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I'm feeling completely uninspired this week; perhaps fitting since the parsha is about inspiration - the naming of Bezalel to make God's plans for the Tabernacle a reality. God cannot simply have random people do this work. Creating sacred spaces and objects takes more than talent, it takes inspiration. That is, it takes becoming filled with spiritual energy and direction. The inspired artist and artisan (both specifically named) has let himself become a vehicle for something outside himself. I know the feeling; sometimes when I read a poem I wrote a long time ago, I feel amazed that I wrote it, and remember little of the process, and I am far from greatness.

So feeling uninspired, I went back and found a d'var Torah I wrote three years ago for this parsha, and re-post it here. It's relevant in more than one way, since I am once again beginning to collect thoughts for this year's interfaith service at Netroots Nation.

As many of you know, I have been collecting words of inspiration for the service at Netroots Nation from people of all religious or philosophical traditions.  We have gathered quite a collection, all of it interesting, and it's amazing how similar various traditions are in those beliefs that inspire us to tikkun olam, repairing the world.

This week's parsha begins with a major symbol, both of the Jewish people, and of the light of wisdom in the world:  the menorah, the seven-branched candlestick that illuminates the tabernacle in the desert, and later in the Temple.

But the menorah did not create itself, nor did God create it directly.  There is an artist involved, named Bezalel.  Bezalel received his specifications for the Tabernacle and its ritual objects from Moses, but he more than the other artisans who built all these things was led by the spirit of God in his work.  God chose Bezalel as one with special gifts, who would be able to take the blueprint given to Moses and turn it into art.  Could God have created the menorah himself?  Of course.  But in the world after creation, God works through human beings.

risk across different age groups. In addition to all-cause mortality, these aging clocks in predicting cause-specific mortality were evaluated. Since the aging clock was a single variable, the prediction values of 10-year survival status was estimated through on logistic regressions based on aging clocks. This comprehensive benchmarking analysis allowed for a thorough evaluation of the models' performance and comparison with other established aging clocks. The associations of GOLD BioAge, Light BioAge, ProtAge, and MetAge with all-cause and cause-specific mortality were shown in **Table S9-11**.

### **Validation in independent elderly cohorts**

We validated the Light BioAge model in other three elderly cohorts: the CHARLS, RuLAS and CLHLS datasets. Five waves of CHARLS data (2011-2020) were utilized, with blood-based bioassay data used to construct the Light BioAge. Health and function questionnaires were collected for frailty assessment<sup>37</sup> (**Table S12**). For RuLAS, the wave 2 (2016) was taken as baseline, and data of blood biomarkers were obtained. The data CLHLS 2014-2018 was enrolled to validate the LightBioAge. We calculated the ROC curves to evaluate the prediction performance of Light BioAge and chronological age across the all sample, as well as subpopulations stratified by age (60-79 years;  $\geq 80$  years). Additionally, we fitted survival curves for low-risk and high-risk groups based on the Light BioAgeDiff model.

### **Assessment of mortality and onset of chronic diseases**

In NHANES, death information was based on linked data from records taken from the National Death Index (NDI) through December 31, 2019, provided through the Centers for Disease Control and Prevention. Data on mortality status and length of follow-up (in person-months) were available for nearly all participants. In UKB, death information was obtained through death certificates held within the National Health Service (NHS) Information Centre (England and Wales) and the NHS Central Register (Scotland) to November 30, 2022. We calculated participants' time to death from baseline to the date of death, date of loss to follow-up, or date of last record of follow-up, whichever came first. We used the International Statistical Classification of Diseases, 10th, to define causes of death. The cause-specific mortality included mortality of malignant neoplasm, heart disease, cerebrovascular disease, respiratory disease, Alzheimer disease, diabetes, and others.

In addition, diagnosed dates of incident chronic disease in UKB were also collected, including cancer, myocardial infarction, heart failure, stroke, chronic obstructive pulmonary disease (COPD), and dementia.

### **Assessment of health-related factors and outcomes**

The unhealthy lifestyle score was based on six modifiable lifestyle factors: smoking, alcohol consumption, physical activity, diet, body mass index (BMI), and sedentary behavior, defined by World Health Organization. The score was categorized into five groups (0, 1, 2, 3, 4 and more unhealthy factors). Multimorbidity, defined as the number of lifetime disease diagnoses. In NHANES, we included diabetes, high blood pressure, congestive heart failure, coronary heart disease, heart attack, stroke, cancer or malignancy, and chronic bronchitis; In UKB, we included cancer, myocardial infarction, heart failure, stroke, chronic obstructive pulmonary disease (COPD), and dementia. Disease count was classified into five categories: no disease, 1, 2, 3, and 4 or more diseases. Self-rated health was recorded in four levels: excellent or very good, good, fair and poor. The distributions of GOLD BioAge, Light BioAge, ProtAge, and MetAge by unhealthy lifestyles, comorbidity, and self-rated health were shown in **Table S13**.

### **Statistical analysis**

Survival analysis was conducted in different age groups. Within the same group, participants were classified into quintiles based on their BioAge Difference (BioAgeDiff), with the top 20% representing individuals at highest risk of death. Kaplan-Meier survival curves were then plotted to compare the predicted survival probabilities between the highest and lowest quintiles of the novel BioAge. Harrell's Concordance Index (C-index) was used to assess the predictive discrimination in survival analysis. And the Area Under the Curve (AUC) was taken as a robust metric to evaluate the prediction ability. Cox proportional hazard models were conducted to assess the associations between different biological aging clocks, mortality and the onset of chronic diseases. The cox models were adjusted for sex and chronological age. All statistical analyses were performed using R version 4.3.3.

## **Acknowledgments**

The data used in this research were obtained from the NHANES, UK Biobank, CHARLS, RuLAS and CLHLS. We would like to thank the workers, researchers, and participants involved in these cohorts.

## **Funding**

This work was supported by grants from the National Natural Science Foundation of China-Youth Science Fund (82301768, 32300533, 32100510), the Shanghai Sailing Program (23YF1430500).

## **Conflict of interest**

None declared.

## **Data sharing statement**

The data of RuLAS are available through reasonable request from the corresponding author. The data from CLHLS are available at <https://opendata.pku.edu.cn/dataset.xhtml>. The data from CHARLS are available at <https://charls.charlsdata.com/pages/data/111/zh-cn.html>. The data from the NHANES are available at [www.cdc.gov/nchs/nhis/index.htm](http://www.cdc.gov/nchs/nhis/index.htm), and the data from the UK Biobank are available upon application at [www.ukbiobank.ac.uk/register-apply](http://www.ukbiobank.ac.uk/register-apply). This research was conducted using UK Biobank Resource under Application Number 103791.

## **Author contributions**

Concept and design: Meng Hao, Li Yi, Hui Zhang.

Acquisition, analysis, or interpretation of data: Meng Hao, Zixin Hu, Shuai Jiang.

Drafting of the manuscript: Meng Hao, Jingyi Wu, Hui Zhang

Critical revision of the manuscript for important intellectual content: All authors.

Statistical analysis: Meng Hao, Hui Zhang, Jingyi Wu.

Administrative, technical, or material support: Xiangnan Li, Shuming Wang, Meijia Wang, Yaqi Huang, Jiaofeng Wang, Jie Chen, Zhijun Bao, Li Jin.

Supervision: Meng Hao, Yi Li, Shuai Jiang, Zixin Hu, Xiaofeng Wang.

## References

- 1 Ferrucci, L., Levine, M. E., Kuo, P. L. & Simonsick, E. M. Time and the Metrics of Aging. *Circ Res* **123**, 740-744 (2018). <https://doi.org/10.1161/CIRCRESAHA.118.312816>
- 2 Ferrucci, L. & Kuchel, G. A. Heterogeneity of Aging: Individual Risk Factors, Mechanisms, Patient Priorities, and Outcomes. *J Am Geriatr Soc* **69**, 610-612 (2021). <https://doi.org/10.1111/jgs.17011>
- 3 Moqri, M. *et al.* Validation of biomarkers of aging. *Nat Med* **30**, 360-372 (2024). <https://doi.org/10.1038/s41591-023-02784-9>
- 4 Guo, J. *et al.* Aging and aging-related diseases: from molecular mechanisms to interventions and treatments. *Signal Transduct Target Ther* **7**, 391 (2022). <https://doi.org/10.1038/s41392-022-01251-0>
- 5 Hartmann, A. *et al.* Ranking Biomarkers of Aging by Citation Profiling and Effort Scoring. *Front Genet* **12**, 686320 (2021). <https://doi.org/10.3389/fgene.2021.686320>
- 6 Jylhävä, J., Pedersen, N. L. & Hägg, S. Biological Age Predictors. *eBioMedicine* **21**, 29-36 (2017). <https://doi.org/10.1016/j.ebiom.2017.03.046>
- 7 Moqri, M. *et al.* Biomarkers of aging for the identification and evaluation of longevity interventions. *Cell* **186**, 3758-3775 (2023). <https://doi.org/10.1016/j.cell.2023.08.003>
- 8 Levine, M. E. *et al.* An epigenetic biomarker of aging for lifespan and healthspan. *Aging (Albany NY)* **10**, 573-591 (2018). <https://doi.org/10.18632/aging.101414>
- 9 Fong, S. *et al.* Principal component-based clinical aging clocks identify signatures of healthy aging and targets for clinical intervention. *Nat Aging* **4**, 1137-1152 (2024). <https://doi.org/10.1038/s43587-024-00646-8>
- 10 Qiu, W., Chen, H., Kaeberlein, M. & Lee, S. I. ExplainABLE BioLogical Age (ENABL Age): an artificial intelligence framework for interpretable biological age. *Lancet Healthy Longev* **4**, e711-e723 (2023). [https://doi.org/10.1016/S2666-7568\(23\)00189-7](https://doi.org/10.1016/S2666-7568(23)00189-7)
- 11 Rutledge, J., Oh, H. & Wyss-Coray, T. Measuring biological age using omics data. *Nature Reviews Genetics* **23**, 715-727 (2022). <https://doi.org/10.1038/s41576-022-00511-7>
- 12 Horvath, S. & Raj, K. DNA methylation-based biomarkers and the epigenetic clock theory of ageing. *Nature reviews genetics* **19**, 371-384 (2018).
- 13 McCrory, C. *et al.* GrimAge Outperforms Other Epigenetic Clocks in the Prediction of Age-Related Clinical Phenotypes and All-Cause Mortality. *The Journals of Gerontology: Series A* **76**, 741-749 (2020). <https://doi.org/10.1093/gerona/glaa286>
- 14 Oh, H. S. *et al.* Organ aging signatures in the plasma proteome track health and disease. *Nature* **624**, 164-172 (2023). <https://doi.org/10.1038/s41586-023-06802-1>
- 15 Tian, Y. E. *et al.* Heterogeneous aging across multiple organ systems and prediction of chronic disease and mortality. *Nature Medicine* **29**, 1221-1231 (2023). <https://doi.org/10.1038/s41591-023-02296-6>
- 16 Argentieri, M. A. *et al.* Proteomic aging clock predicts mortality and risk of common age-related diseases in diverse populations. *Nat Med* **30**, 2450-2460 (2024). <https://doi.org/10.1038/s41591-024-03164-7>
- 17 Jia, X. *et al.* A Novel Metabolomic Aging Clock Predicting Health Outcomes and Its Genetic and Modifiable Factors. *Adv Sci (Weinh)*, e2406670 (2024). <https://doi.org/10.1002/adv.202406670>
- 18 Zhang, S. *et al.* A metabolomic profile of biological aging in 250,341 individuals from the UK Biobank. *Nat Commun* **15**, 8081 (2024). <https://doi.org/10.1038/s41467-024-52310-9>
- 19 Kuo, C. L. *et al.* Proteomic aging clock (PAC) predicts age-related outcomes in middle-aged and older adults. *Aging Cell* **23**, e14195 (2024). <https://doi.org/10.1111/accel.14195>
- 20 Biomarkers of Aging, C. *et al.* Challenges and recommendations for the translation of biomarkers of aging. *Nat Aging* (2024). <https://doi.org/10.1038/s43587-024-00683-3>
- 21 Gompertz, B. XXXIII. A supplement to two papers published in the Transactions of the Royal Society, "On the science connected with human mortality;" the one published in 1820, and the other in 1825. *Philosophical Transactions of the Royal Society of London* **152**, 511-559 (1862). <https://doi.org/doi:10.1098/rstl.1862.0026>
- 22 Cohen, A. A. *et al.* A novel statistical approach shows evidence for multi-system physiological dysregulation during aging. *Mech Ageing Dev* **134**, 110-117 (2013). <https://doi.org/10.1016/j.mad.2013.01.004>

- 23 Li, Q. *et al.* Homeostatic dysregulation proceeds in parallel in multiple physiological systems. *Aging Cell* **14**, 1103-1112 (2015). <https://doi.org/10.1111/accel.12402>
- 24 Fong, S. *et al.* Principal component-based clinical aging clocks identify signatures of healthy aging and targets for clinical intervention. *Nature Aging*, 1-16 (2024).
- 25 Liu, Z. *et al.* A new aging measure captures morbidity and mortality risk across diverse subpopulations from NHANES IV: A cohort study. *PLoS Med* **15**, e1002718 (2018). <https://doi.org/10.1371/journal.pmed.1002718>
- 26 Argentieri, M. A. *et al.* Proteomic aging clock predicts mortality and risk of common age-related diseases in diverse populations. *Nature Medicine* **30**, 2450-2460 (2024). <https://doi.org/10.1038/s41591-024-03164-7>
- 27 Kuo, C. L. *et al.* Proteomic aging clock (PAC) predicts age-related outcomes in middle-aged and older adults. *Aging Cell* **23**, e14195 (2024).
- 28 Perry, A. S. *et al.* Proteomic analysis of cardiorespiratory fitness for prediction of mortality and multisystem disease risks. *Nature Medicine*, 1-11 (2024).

The blessing over bread blesses God who "brings forth bread from the earth."  We are taught that this is to show us that God needs us to help him, to harvest wheat, and make flour, and bake it into bread.  God is still bringing forth bread from the earth, but he is doing it through the farmer, the miller, the baker.  

So the creative spirit that comes from the Creator enters humans who are led to create.  They are in-spirited, or inspired as we now say.  Isaac Luria taught that the six branches on either side of the menorah represent the six branches of human learning, while the center represents Torah.  Human and divine knowledge are both necessary to light the world.  God and science are not opposed to each other;  rather, God supports science as the central stalk of the menorah supports the other six.

As I started collecting words from Kossacks that inspire them to work to make the world a better place, I received a message from Arnold Eisen, the Chancellor of the Jewish Theological Seminary which included these words, with which I close:

The Creator of the universe seeks human assistance in completing the work of Creation. The world is not good enough as it is, the Torah insists, and you and I can make it better. All of us are needed for this task: Jews and non-Jews, men and women, old and young. Everything that each and every one of us brings to the task is required: the sum total of our diverse experiences and learning, our skills and our relationships, our intelligence and our passion, all the arts and all the sciences: all our hearts, all our souls, all our might.